The first, according to financial sources, is going to comprise a gross volume of more than €5 billion, whilst the second will amount to around half that figure, at just over €2.5 billion, and it will need the approval of the FGD, given that it will have to cover 80% of the losses.

Sabadell closed last year with €8.0 billion in foreclosed assets and €5.7 billion in non-performing loans, according to the real estate exposure data submitted to the CNMV – Spain’s National Securities and Exchange Commission – and its average coverage ratio currently amounts to 55%.

The large buyers that Alantra is currently sounding out include the major funds that typically participate in these types of operations, such as Apollo, Lone Star, Blackstone and Cerberus, according to the same sources.

This potential divestment joins the two portfolios that Sabadell already has on the market: Project Galerna, which comprises €900 million in non-performing loans; and Project Makalu, comprising €2.5 billion in assets from the former CAM, according to Voz Pópuli. In both cases, KPMG is advising the sales process.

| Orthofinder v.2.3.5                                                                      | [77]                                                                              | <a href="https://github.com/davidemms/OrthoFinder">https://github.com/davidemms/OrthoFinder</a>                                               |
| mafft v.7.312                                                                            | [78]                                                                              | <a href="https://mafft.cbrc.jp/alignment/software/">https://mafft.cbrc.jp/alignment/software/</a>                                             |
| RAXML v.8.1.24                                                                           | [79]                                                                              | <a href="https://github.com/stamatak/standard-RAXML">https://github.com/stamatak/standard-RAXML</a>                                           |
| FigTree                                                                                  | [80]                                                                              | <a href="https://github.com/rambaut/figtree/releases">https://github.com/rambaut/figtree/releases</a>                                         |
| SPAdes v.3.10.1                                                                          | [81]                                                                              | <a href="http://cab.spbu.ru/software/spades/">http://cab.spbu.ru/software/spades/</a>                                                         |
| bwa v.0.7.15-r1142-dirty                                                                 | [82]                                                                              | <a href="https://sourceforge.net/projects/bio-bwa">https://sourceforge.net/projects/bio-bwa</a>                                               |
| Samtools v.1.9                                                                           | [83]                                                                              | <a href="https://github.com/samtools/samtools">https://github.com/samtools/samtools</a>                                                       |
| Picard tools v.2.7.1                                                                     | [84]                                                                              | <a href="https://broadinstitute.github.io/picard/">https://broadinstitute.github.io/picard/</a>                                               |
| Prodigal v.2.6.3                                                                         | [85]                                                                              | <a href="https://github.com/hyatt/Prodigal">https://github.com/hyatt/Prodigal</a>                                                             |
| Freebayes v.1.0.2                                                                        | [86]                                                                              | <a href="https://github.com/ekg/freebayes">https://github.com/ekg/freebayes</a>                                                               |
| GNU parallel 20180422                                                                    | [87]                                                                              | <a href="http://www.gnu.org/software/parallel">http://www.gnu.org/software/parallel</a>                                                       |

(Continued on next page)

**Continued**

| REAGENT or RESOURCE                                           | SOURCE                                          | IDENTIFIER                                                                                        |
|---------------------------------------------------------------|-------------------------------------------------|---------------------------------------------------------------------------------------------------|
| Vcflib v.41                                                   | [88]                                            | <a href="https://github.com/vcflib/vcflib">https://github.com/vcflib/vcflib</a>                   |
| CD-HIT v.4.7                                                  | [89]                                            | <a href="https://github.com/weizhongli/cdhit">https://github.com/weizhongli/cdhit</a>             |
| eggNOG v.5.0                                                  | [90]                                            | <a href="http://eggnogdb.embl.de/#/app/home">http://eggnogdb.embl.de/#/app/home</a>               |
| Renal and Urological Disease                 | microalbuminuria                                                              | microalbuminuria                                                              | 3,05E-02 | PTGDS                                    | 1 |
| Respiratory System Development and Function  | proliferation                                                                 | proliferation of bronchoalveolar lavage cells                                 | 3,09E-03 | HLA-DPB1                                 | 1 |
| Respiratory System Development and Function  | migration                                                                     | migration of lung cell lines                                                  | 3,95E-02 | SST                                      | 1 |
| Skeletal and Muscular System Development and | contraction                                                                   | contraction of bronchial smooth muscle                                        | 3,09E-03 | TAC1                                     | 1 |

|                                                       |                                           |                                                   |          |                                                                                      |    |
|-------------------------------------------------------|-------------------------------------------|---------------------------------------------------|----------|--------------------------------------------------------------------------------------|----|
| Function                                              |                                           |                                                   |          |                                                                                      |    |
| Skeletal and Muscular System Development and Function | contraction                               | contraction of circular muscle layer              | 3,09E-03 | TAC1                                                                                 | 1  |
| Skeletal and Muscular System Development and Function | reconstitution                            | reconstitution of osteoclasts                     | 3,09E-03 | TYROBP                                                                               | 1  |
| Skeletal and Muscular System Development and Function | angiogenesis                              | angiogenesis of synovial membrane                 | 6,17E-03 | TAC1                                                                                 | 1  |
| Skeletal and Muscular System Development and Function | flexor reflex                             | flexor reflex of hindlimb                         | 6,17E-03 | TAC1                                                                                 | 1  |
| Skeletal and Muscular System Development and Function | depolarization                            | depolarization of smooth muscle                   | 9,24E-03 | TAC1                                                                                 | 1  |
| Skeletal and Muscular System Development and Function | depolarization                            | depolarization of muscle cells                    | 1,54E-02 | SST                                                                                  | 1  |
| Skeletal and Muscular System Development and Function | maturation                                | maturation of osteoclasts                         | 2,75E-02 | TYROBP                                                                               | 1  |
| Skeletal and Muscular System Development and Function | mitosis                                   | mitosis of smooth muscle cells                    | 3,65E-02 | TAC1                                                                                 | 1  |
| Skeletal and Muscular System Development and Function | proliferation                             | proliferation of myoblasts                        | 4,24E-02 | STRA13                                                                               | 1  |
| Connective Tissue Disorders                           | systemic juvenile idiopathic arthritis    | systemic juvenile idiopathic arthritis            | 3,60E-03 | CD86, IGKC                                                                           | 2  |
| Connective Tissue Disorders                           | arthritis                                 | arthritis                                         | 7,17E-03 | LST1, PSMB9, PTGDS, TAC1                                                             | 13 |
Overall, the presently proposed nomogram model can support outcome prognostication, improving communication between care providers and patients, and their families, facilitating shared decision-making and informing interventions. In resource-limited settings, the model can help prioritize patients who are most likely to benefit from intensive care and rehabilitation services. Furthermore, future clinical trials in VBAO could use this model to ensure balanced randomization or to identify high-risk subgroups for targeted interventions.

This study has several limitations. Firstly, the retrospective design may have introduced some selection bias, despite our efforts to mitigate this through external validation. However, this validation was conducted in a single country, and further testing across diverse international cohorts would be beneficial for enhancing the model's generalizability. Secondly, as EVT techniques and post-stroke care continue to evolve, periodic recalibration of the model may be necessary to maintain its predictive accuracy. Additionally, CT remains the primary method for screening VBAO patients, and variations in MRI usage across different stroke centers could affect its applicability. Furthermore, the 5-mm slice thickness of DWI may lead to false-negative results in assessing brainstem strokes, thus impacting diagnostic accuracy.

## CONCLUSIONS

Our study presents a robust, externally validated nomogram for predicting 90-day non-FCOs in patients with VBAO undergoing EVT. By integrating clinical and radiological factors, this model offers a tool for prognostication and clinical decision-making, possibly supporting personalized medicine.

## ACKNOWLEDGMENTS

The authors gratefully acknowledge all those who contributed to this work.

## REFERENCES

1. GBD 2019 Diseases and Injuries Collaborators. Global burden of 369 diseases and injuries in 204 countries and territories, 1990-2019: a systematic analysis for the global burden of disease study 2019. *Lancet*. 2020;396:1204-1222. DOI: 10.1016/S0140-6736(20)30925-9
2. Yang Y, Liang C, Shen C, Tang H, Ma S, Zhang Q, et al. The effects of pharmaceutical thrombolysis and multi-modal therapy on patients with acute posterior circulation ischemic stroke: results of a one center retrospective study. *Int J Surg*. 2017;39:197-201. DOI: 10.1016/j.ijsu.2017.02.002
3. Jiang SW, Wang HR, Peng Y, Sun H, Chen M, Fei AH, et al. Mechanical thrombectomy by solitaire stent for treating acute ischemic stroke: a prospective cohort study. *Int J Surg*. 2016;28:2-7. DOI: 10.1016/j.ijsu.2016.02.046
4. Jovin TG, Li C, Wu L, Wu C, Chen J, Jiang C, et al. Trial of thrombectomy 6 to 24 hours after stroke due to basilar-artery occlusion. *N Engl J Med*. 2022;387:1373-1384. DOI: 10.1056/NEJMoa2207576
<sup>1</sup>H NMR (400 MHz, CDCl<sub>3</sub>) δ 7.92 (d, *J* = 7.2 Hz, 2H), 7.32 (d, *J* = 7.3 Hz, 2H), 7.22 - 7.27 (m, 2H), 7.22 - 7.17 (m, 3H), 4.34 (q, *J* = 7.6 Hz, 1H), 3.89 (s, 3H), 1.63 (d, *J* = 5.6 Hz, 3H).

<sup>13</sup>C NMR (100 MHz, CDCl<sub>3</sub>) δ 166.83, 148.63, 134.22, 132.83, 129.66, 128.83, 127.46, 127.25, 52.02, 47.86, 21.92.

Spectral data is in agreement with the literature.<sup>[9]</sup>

Moreover, as El Confidencial revealed, Solvia, the servicer arm of Sabadell, has decided to join the housing boom and create its own property developer, Solvia Desarrollos Inmobilarios, containing €600 million in land and unfinished developments.

The entity wants to grow this new property developer by signing agreements with different companies, funds and family offices interested in delegating the management and development of its land and developments.

If it manages to bring all of these plans to fruition, Sabadell will follow in the footsteps of Santander and BBVA, which last year completed their real estate clean-ups with the sale to Blackstone and Cerberus, respectively, of the bulk of their toxic properties. That would leave CaixaBank as the last major bank that still needs to make a significant move to comply with the guidelines set by Europe: to remove a decade of crisis from its balance sheet.